And this distinction between using a state of celebration rule and a state of domicile rule cannot be overstated. By definition, any marriage recognized by a state, i.e., that gets a license from a state, is clearly valid in that state. That's why gay couples who live and work in Texas come to New York or any of the other 12 states that recognize the freedom to marry. Therefore, a state of celebration rule would allow the federal government to recognize all marriages between two people of the same sex.
A state of domicile rule would make Windsor an empty victory for the thousands of gay couples living in marriage discrimination states, numbers that exceed the number of gay couples living and raising children in marriage equality states according to the Williams Institute. This rule would make the Texas couple's New York marriage irrelevant for federal benefits and recognition because the couple lives in Texas.
President Obama has already started implementing a state of celebration rule. The Defense Department, immigration authorities, the IRS, and other departments are implementing the celebration rule quickly. The Office of Personnel Management, which handles all issues related to some 2 million federal employees, has been muddling along with murky and contradictory language on the meaning of "spouse" in its regulations, but the President was clear that he plans to authorize a state of celebration rewrite.
If the "severely conservative" and "wrong on paper, wrong in fact" Mitt Romney were president, he would have to accept a Supreme Court ruling striking down DOMA, but he would be within his power to limit the effect of the decision by moving slowly and writing a state of domicile rule. That rule would certainly be subject to legal challenge, but even if that challenge proved successful, thousands of gay couples would be harmed in the interim.
Unfortunately, there are a few areas where the President alone cannot enforce a state of celebration rule. The Department of Veterans Affairs operates on a statute that explicitly requires marriages be valid in the state in which the couple lives (state of domicile) for benefits to be extended. A similar rule is written into the Social Security Act.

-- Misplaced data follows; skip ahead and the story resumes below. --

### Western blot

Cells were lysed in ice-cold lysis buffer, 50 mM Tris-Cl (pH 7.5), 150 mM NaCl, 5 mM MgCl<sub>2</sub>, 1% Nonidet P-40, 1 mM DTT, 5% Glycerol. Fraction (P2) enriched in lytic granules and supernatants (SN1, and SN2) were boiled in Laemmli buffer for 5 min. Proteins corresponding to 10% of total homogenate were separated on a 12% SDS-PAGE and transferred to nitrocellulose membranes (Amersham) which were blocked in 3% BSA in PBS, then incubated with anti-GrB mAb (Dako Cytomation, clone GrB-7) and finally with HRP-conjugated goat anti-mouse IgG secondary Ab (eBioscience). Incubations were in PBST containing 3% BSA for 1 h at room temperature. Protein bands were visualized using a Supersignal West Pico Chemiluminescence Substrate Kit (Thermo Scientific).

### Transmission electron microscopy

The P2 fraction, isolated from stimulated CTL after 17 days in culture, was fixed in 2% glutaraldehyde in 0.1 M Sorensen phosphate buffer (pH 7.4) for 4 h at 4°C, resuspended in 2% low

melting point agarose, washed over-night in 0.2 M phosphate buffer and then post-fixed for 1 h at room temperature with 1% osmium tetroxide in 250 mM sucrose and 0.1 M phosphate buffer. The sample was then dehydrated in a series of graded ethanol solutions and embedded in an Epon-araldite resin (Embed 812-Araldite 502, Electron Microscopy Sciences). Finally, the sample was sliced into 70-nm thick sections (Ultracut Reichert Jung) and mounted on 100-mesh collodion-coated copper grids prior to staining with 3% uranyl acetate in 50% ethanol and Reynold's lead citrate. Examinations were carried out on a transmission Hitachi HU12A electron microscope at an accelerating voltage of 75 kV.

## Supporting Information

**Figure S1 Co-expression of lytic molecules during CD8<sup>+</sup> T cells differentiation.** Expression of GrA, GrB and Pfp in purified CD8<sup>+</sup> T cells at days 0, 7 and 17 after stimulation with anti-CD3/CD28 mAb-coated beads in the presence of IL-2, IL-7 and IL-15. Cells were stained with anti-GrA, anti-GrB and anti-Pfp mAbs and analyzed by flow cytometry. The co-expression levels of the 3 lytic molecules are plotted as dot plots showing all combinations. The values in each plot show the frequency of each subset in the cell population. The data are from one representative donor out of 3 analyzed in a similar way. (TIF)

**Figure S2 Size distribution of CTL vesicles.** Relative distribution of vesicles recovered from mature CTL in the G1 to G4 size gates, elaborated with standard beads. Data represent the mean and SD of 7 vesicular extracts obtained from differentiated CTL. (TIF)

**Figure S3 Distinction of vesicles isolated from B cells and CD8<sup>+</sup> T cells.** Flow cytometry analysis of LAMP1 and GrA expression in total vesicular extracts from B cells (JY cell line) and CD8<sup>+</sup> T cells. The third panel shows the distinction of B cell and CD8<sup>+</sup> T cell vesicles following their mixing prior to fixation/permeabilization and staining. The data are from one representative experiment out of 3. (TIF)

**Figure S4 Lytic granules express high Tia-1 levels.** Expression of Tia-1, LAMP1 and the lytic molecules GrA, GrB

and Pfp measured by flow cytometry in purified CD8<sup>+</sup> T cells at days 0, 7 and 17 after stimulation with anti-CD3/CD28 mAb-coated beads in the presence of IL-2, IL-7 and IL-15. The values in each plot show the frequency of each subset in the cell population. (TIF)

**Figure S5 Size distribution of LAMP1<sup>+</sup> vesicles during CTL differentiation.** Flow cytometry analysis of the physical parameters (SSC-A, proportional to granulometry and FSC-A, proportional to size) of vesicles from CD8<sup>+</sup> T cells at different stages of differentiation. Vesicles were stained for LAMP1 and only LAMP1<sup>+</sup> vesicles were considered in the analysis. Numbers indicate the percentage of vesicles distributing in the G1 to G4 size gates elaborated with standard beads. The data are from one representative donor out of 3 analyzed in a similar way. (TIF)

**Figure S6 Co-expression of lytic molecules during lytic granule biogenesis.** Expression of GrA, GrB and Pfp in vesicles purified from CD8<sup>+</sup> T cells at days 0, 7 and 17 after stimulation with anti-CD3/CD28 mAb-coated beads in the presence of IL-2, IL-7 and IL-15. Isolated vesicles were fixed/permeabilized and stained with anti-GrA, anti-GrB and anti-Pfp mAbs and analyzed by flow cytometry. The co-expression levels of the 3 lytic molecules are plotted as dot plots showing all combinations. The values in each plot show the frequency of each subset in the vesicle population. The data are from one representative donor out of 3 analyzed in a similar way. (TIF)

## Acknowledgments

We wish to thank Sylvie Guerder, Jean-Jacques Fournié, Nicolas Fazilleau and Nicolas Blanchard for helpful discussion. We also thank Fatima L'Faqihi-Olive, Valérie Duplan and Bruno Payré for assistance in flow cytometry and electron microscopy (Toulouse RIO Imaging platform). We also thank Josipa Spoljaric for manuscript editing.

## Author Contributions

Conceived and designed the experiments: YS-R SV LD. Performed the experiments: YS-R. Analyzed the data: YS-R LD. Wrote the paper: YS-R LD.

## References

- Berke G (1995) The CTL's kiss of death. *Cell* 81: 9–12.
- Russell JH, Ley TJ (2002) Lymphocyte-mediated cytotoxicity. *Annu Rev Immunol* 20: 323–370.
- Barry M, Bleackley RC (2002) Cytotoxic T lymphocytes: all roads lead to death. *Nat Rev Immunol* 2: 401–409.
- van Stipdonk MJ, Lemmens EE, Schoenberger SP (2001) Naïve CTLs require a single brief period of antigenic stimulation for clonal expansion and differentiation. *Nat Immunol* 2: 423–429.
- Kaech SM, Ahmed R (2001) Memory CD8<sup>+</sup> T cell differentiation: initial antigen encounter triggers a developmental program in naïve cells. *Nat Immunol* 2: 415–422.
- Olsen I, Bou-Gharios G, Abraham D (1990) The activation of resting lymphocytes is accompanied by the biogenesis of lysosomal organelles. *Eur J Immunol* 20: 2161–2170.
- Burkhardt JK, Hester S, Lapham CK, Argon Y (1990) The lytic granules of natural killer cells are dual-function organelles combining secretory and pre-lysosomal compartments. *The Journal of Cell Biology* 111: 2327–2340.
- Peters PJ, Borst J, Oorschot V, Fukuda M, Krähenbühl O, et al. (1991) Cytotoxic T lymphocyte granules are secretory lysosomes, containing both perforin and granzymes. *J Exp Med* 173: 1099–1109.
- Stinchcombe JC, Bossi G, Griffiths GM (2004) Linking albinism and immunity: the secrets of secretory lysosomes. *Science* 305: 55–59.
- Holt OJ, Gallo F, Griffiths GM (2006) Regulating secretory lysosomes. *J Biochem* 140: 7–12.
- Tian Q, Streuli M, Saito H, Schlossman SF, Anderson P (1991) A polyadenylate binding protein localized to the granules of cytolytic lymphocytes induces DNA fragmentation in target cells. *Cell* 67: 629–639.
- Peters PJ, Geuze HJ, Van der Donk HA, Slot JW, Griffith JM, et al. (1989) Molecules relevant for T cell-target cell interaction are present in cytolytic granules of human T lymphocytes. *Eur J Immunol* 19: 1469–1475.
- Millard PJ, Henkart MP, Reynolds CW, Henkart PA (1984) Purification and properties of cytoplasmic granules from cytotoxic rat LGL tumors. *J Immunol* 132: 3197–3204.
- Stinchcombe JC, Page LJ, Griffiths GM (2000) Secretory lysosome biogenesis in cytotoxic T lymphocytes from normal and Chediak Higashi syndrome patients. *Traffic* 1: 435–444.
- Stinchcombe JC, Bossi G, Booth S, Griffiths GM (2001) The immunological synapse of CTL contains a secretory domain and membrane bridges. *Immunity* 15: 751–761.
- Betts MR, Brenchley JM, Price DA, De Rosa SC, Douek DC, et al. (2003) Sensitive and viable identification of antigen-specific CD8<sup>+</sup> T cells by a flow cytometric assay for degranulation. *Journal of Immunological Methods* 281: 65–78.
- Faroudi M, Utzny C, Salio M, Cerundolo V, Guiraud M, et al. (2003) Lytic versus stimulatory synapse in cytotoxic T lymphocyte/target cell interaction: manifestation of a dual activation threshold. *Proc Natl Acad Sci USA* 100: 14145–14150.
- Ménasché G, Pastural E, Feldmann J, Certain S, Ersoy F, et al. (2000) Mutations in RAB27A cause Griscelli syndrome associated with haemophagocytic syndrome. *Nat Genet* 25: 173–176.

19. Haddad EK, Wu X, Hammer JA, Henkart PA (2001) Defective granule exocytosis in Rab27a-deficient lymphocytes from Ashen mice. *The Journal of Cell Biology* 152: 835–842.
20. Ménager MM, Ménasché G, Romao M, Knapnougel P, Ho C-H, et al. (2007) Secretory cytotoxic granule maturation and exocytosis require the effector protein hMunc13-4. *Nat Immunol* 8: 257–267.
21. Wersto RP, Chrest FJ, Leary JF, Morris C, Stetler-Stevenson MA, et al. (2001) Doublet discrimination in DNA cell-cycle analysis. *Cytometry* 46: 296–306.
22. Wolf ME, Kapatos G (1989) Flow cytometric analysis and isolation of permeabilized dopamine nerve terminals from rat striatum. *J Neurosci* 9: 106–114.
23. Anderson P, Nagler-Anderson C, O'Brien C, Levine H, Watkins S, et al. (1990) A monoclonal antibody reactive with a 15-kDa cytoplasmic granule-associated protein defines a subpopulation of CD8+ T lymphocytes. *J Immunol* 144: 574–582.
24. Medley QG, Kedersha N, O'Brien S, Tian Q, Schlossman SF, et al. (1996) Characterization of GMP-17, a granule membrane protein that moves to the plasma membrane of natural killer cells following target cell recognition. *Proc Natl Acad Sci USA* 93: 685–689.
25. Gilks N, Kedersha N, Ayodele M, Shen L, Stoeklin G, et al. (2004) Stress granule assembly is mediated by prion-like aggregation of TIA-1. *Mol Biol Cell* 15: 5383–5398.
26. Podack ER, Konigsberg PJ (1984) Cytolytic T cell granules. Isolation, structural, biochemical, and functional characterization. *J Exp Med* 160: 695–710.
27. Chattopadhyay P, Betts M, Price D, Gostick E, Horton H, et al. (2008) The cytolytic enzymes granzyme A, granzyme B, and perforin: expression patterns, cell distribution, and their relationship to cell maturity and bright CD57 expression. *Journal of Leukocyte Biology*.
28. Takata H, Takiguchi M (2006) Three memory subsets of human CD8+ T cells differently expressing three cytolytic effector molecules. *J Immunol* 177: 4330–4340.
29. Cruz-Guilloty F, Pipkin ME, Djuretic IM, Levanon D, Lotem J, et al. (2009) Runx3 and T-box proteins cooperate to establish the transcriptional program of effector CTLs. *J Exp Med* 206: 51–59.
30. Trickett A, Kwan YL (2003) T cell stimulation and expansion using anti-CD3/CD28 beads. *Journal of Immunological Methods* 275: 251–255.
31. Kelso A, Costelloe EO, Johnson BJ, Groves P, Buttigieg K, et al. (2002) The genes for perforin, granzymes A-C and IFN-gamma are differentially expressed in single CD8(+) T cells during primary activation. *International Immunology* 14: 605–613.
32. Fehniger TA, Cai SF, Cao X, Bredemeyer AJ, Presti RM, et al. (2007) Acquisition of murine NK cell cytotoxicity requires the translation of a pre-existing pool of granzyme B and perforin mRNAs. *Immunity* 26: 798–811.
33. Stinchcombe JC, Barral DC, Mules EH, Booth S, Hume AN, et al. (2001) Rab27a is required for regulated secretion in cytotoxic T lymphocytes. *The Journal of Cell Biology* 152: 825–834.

All federal benefits are important, but social security is particularly so given its essential role in providing a social safety net for the elderly and their survivors. So, what do we do about this?
Congress could pass the Respect for Marriage Act, which would not only repeal the rump of DOMA (Section 2, more on that in another column), but would also authorize a state of celebration rule. But ROMA is going nowhere in the Republican House.
Congress could pass a specific amendment to the Social Security Act, but that too is unlikely as long as a Republican holds the Speaker's gavel.
We could challenge the SSA's state of domicile rule in court and the likelihood of success of that challenge got a lot higher after Windsor. Windsor's recognition of gay marriages now highlights the discrimination faced by gay couples just because of the accident of their residence. Two couples, separated by the just over 1-mile stretch of the Lincoln Tunnel, are treated wildly different, an effect that stands in direct opposition to the letter and spirit of Justice Kennedy's decision in DOMA.
Or, we could elect a Democratic House.
In other words, the ecstasy we feel as we take in the Court's decisions in Windsor and Perry is legitimate, but it should not distract us from the work that needs to be done to elect allies to the White House and to Congress lest the decisions be drained of their power.
Follow me on Twitter: @ariezrawaldmanAri Ezra Waldman is the Associate Director of the Institute for Information Law and Policy and a professor at New York Law School and is concurrently getting his PhD at Columbia University in New York City. He is a 2002 graduate of Harvard College and a 2005 graduate of Harvard Law School. Ari writes weekly posts on law and various LGBT issues.